Low voltage distribution transformers are currently commercially available with diverse attributes. Due to the relatively lower voltages and currents involved, the input and output terminals (for conductor connections) are congregated on a single surface (usually the front) of the transformer. To further improve safety, pad-mounted distribution transformers are typically supplied only with bushing wells with molded rubber components for insulating energized componentry and inserts and elbows for insulated conductor connections. These attributes are industrially referred to as the “dead-front” design. Essentially, the dead-front layout is so designed or constructed to eliminate the exposure of and fully insulate current-carrying or energized parts that are normally exposed on the front of the transformer hence to simulate continuous and insulated conduction between the input or output conductor and the conductor connected to the windings of the transformer without any intervening functional componentry such as an insulator. In view of the above and the relatively lower hazards associated therewith, pad mounting of said distribution transformers at ground level with minimum containment measures is common practice in the industry. Examples of pad mounted, dead-front, low voltage systems are taught in Adkins et al. in Canadian Patent Application Number 2,217,619; Haubein in U.S. Pat. No. 3,784,727; Grannis in U.S. Pat. No. 3,841,032; Borgmeyer et al. in U.S. Pat. No. 4,533,786; Marusinic in U.S. Pat. No. 5,783,775; Reineke et al. in U.S. Pat. No. 6,066,802; and Book in U.S. Pat. No. 6,142,572 and Canadian Patent Number 1,287,868. These citations do not teach enclosure systems for live-front, high voltage transmission transformers.
Conversely, the significantly higher power ratings and voltages handled by transmission transformers render the use of the dead-front design impractical owing to the larger corona fields associated with high voltage conductor terminals and transmission transformers are currently only available in the live-front format in that glass or porcelain bushings with eyebolt or spade type terminals forming insulators are extended through the top side of the transformer so to insulate the transformer from the energized conductor terminals which insulator and conductor terminals and are fully exposed for connection to the conductors.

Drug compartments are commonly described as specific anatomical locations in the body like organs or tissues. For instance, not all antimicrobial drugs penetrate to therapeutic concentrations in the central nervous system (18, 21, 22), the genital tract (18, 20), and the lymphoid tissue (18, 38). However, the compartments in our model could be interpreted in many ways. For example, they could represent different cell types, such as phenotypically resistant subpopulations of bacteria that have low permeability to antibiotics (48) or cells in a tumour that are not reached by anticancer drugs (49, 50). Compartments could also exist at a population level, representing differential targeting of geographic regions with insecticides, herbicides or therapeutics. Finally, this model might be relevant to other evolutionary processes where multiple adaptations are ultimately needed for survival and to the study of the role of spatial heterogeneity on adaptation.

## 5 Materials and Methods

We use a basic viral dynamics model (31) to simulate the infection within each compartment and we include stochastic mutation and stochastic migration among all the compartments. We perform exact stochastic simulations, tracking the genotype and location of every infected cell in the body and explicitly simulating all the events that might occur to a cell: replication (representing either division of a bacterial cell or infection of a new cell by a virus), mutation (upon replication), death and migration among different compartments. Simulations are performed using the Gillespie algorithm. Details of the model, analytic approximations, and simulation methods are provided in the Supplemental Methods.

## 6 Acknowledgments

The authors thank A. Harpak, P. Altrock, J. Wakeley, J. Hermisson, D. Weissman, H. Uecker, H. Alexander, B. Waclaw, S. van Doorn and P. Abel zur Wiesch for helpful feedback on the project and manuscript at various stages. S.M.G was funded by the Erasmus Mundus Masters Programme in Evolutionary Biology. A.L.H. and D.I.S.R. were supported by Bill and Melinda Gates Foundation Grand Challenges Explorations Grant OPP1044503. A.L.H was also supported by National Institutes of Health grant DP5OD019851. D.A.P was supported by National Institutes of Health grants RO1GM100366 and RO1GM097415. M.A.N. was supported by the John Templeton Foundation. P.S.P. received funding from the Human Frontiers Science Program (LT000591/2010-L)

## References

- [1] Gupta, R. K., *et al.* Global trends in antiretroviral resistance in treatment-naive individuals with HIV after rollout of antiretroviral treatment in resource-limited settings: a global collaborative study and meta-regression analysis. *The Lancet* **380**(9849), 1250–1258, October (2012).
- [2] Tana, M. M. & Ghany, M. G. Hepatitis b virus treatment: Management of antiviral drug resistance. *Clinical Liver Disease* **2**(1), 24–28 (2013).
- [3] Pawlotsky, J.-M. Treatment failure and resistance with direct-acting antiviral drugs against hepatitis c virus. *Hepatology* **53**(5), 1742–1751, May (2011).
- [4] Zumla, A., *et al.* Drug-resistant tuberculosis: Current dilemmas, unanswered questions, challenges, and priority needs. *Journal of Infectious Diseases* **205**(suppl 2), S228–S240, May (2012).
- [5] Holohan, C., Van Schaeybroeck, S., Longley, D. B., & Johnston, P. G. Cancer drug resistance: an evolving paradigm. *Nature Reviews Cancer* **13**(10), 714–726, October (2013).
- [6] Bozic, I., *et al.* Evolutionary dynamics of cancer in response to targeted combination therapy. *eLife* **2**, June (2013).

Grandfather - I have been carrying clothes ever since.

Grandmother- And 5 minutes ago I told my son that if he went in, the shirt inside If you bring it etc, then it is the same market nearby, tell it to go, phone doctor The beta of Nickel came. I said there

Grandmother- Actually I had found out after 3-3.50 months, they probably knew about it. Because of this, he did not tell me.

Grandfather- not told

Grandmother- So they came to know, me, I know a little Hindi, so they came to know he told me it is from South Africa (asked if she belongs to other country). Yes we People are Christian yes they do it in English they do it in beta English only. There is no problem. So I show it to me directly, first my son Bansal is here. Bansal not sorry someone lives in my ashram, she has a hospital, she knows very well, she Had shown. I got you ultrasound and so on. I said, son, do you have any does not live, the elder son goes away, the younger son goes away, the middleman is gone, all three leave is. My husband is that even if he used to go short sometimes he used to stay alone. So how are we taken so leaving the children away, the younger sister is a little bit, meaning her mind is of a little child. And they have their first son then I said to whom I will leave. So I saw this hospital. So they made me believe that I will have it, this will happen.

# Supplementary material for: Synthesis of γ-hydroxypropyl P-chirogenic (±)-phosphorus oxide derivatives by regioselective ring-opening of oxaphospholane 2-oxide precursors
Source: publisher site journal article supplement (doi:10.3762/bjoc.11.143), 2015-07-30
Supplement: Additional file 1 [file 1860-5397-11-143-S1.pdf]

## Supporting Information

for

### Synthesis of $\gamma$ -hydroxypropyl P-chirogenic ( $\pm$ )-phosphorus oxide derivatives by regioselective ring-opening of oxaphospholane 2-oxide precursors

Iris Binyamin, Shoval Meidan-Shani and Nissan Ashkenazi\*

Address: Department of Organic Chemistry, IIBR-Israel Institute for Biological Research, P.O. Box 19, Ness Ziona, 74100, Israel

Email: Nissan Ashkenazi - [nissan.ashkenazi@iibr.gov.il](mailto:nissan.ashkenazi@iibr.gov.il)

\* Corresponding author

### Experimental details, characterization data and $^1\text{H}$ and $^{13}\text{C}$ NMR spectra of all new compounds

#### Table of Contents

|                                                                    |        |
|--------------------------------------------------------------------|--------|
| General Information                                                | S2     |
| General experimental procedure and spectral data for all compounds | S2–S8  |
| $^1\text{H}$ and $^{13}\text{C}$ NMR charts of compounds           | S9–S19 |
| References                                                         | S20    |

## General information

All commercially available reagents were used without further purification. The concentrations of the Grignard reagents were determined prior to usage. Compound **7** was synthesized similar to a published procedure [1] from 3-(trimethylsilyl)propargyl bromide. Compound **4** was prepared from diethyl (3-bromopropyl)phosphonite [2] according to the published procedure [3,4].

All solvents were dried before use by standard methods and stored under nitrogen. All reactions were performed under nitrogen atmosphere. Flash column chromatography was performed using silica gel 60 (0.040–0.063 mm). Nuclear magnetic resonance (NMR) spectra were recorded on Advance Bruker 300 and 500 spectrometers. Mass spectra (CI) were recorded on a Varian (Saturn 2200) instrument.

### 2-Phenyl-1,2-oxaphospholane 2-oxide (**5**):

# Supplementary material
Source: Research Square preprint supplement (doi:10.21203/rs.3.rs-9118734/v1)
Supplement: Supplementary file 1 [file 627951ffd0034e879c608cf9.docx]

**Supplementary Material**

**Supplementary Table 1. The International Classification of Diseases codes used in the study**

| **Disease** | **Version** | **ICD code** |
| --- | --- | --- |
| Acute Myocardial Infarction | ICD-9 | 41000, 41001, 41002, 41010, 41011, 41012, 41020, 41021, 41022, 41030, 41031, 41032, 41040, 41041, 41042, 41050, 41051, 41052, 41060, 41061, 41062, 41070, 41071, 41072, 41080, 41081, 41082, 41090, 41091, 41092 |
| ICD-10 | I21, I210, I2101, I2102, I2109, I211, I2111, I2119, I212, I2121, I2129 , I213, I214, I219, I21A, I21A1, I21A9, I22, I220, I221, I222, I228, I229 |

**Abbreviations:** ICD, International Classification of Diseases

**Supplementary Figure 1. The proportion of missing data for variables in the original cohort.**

Transmission transformers are rated by their primary and secondary voltage relationship and their power carrying capability. For instance, a substation transformer rated at 66-13 kV and 5,000 kVA means that the primary or high voltage is 66,000 V, the secondary or low voltage is 13,000 V and the transformer has a power rating of 5,000,000 VA. Substation transformers, like most distribution transformers, consist of a core and coils immersed in oil in a steel casing. The oil serves as an insulator and coolant to maintain reliable operating temperatures, and certain transmission transformers incorporate pumps to circulate oil for better heat transfer, fins for the oil to circulate through and fans to force air across the fins.
To safeguard against the danger associated with prominently exposed energized componentry inherent with the live-front design of transmission transformers, the positioning of transmission transformers therefore requires pole mounting and/or isolation within large secured switch yard or substations. None of the above citations teach any enclosure system that can offer safety, security and cost savings that would be associated with pad mounting of live-front high voltage transmission transformers.
In view of the foregoing, the present invention provides a solution to containment of exposed high voltage electrical componentry, such as the insulator connections and the conductor terminals of a high voltage, live-front, transmission transformer, thereby reducing or eliminating the necessity for a conventional switchyard or substation and costs thereof.
An object of the invention is to provide novel means to contain and protect high voltage electrical apparati with exposed componentry thereby reducing or even eliminating the necessity for, and the high costs associated with conventional means for such containment and protection.
Another object of the invention is to provide a secure enclosure system for high voltage electrical apparati so to permit the placement of said high voltage electrical apparati at ground level.
According to a first aspect of the present invention there is provided a high voltage electrical handling device comprising a housing containing high voltage electrical componentry and at least one connector supported externally of the housing in communication with the high voltage electrical componentry, said at least one connector being at a high voltage and having a surrounding electrical corona field;
wherein the improvement comprises an enclosure comprising walls connected to the housing and surrounding said at least one connector at high voltage, spaced outside of the electrical corona field of said at least one connector.
The device preferably comprises a high voltage transmission transformer which may include a lower voltage connector and an upper voltage connector, each supported on a side of the housing and each having an enclosure surrounding the connector.